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Article

Branch Pulmonary Artery Regurgitation in Repaired Tetralogy of Fallot: Correlation with Pulmonary Artery Morphology, Distensibility, and Right Ventricular Function

1
Department of Diagnostic and Therapeutic Radiology, Faculty of Medicine, Ramathibodi Hospital, Mahidol University, 270 Rama 6 Road, Bangkok 10400, Thailand
2
Division of Cardiology, Department of Pediatrics, Faculty of Medicine, Ramathibodi Hospital, Mahidol University, 270 Rama 6 Road, Bangkok 10400, Thailand
*
Author to whom correspondence should be addressed.
Academic Editor: Michail Plotkin
Tomography 2021, 7(3), 412-423; https://doi.org/10.3390/tomography7030036
Received: 9 July 2021 / Revised: 3 August 2021 / Accepted: 24 August 2021 / Published: 1 September 2021

Abstract

Background: The aim was to determine the effect of pulmonary artery (PA) morphology on the branch pulmonary artery-regurgitation fraction (BPA-RF), the relationship of pulmonary insufficiency (PI) to BPA-RF and PA-distensibility, and factors (BPA-RF and PA-distensibility) associated with right ventricular function (RVF) in repaired tetralogy of Fallot (rTOF). Methods: A total of 182 rTOF patients (median age 17.1 years) were analyzed for length, angle of PA, BPA-RF, PI, and PA-distensibility, using magnetic resonance imaging. Results: The left PA had a significant greater RF than the right PA (median (interquartile range)): LPA 43.1% (32.6–51.5) and RPA 35.2% (24.7–44.7), p < 0.001. The LPA was shorter with a narrower angle than the RPA (p < 0.001). The anatomy of the branch-PA was not a factor for the greater LPA-RF (odds ratio, 95% confidence interval: CI, p-value): length 0.44 (0.95–2.00), p = 0.28; angle 0.63 (0.13–2.99), p = 0.56. There was a strong positive correlation between PI and BPA-RF-coefficients (95% CI), p-value: LPA 0.78% (0.70–0.86), p < 0.001; RPA 0.78% (0.71–0.84), p < 0.001 and between BPA-RF and distensibility-coefficients (95%CI), p-value: LPA 0.73% (0.37–1.09), p < 0.001; RPA 1.63% (1.22–2.03), p < 0.001, respectively. The adjusted BPA-RF did not predict RVF, RPA (p = 0.434), LPA (p = 0.268). Conclusions: PA morphology is not a significant factor for the differential BPA-RF. The vascular wall in rTOF patients responds to chronic increased intravascular volume by increasing distensibility. BPA-RF is not a determinant of RVF.
Keywords: repaired tetralogy of Fallot; branch pulmonary artery; regurgitation fraction; pulmonary distensibilty; right ventricular function; magnetic resonance imaging repaired tetralogy of Fallot; branch pulmonary artery; regurgitation fraction; pulmonary distensibilty; right ventricular function; magnetic resonance imaging

1. Introduction

Tetralogy of Fallot is one of the most common cyanotic heart diseases, and requires surgical repair during infancy or early childhood [1]. Definitive repair consists of ventricular septal defect closure and right ventricular outflow augmentation to relieve obstruction [2]. Post-repair sequelae, including pulmonary insufficiency, right ventricular dilatation, biventricular dysfunction, and exercise intolerance, are common in patients with repaired tetralogy of Fallot (rTOF) [3,4]. Pulmonary insufficiency may cause flow changes in both left and right pulmonary arteries (LPA, RPA) and regurgitation in the branch pulmonary arteries. The greater the branch pulmonary artery regurgitation fraction (BPA-RF), the lesser the net forward flow to the lungs. Phase-contrast magnetic resonance imaging (phase-contrast MRI) has been used to evaluate pulmonary valve function and branch pulmonary artery distensibility in healthy subjects [5]. Magnetic resonance imaging (MRI) is also a gold standard to evaluate pulmonary insufficiency and flow dynamics in patients with rTOF [6].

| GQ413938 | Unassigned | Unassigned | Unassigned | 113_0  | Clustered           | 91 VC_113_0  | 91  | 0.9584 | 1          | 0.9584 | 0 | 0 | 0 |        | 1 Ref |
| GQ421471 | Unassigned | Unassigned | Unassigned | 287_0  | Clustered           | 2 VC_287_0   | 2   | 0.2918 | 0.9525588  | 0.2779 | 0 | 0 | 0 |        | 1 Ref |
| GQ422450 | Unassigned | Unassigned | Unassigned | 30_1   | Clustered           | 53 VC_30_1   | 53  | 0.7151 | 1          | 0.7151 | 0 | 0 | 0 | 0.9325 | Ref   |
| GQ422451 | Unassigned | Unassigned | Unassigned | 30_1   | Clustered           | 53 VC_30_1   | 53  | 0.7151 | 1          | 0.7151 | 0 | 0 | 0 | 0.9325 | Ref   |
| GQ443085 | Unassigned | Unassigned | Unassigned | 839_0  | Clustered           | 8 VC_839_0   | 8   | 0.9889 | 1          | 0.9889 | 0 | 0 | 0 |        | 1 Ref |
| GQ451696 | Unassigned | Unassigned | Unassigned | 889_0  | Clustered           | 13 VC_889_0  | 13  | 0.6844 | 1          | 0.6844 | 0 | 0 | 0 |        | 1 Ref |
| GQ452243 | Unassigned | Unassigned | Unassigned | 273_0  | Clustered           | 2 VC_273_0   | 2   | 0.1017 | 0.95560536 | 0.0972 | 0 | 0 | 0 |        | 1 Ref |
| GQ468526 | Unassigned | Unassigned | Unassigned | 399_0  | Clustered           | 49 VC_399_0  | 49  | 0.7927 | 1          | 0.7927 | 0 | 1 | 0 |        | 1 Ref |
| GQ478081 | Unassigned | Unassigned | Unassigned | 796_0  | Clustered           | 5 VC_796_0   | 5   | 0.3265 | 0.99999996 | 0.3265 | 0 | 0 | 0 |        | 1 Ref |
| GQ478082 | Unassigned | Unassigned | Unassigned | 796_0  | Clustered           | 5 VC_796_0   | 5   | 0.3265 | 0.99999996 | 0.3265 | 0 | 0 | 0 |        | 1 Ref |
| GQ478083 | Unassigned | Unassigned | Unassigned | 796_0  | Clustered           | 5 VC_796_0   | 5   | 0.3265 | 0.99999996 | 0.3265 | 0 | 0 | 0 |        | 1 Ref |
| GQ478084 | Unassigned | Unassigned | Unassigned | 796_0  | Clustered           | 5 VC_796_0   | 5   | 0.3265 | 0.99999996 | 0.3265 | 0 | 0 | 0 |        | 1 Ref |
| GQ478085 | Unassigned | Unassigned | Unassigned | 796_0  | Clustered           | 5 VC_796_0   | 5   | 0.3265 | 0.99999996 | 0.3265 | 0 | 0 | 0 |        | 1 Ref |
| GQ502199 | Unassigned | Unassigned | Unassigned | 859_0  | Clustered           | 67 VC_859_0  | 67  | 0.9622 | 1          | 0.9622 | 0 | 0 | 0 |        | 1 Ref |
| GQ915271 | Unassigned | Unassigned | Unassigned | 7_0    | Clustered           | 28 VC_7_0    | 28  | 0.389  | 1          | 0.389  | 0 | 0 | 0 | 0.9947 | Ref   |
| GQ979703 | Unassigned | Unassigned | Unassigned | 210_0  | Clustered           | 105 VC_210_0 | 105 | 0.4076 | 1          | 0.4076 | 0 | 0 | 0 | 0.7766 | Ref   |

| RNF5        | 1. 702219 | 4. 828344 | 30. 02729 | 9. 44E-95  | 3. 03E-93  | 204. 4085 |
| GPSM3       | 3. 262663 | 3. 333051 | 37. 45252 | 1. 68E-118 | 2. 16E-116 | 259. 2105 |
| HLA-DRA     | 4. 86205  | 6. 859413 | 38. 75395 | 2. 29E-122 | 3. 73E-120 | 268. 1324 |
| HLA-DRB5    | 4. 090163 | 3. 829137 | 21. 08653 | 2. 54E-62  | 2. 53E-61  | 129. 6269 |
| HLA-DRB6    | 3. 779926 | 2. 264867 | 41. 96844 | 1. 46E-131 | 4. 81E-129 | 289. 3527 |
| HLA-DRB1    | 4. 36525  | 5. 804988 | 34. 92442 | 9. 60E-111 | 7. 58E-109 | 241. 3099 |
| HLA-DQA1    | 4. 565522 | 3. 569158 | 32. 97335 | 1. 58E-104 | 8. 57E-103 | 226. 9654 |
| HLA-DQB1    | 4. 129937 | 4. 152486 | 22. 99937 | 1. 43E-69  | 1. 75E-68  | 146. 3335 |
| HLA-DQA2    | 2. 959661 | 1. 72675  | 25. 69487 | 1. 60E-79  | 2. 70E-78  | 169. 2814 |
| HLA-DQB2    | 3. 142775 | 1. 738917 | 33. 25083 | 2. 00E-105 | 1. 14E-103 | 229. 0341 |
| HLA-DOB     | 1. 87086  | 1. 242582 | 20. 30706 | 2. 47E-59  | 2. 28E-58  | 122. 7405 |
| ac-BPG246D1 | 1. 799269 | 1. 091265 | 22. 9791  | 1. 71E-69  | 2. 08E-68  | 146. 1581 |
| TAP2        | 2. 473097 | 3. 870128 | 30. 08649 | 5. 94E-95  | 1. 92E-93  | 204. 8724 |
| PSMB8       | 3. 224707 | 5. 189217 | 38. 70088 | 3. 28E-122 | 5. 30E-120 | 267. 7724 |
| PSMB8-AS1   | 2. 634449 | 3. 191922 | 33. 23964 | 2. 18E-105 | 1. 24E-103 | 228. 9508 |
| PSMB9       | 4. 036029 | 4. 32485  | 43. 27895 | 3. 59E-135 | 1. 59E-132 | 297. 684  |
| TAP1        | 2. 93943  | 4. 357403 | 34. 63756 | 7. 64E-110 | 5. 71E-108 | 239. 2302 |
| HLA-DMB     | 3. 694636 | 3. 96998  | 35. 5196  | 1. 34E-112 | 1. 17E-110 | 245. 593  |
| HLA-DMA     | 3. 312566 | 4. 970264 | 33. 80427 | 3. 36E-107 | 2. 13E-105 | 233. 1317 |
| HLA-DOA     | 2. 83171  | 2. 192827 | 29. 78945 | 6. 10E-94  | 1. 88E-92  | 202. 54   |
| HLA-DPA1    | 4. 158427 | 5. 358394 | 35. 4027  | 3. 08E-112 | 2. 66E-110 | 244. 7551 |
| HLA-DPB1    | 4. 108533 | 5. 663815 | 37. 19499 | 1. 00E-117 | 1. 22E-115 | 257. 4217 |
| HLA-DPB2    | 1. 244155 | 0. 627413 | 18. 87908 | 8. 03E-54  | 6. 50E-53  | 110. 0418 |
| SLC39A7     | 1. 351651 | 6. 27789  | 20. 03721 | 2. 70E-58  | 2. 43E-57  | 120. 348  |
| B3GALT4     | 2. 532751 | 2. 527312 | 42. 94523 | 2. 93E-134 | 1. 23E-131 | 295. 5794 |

Few studies have been conducted to investigate the causes and consequences of the difference with BPA-RF [7,8,9,10,11]. That BPA-RF is greater in the LPA has been established, with a ratio of regurgitation of LPA: RPA of 40–46%: 29–33% [9,10,11]. However, the cause of differential BPA-RF has not been well elucidated. Harris et al. correlated BPA-RF with pulmonary vascular resistance of both lungs [7]. Voser et al. found that flow dynamics in the branch pulmonary artery were different. The RPA is laminar flow, while the LPA is mainly vortex flow [11]. Pulmonary artery distensibility determines vascular stiffness and impedance. In addition, pulmonary distensibility in patients with rTOF is greater than that found in the normal population, and LPA is stiffer than RPA [11].
The effect of LPA angulation on pulmonary perfusion [12,13] and the clinical implications for interventional angioplasty have been reported [14].
To date, there are few studies that have investigated the cause of the differential BPA-RF and its relationship with pulmonary insufficiency and branch pulmonary distensibility. The effects of BPR-RF and branch pulmonary distensibility on right ventricular function have not been fully established. The purpose of this study is to assess the effect of pulmonary artery morphology on the differential BPA-RF, to test the relationship between pulmonary insufficiency and BPA-RF and vascular distensibility, and to determine factors associated with right ventricular function, using MRI.

2. Materials and Methods

2.1. Study Population and Data Collection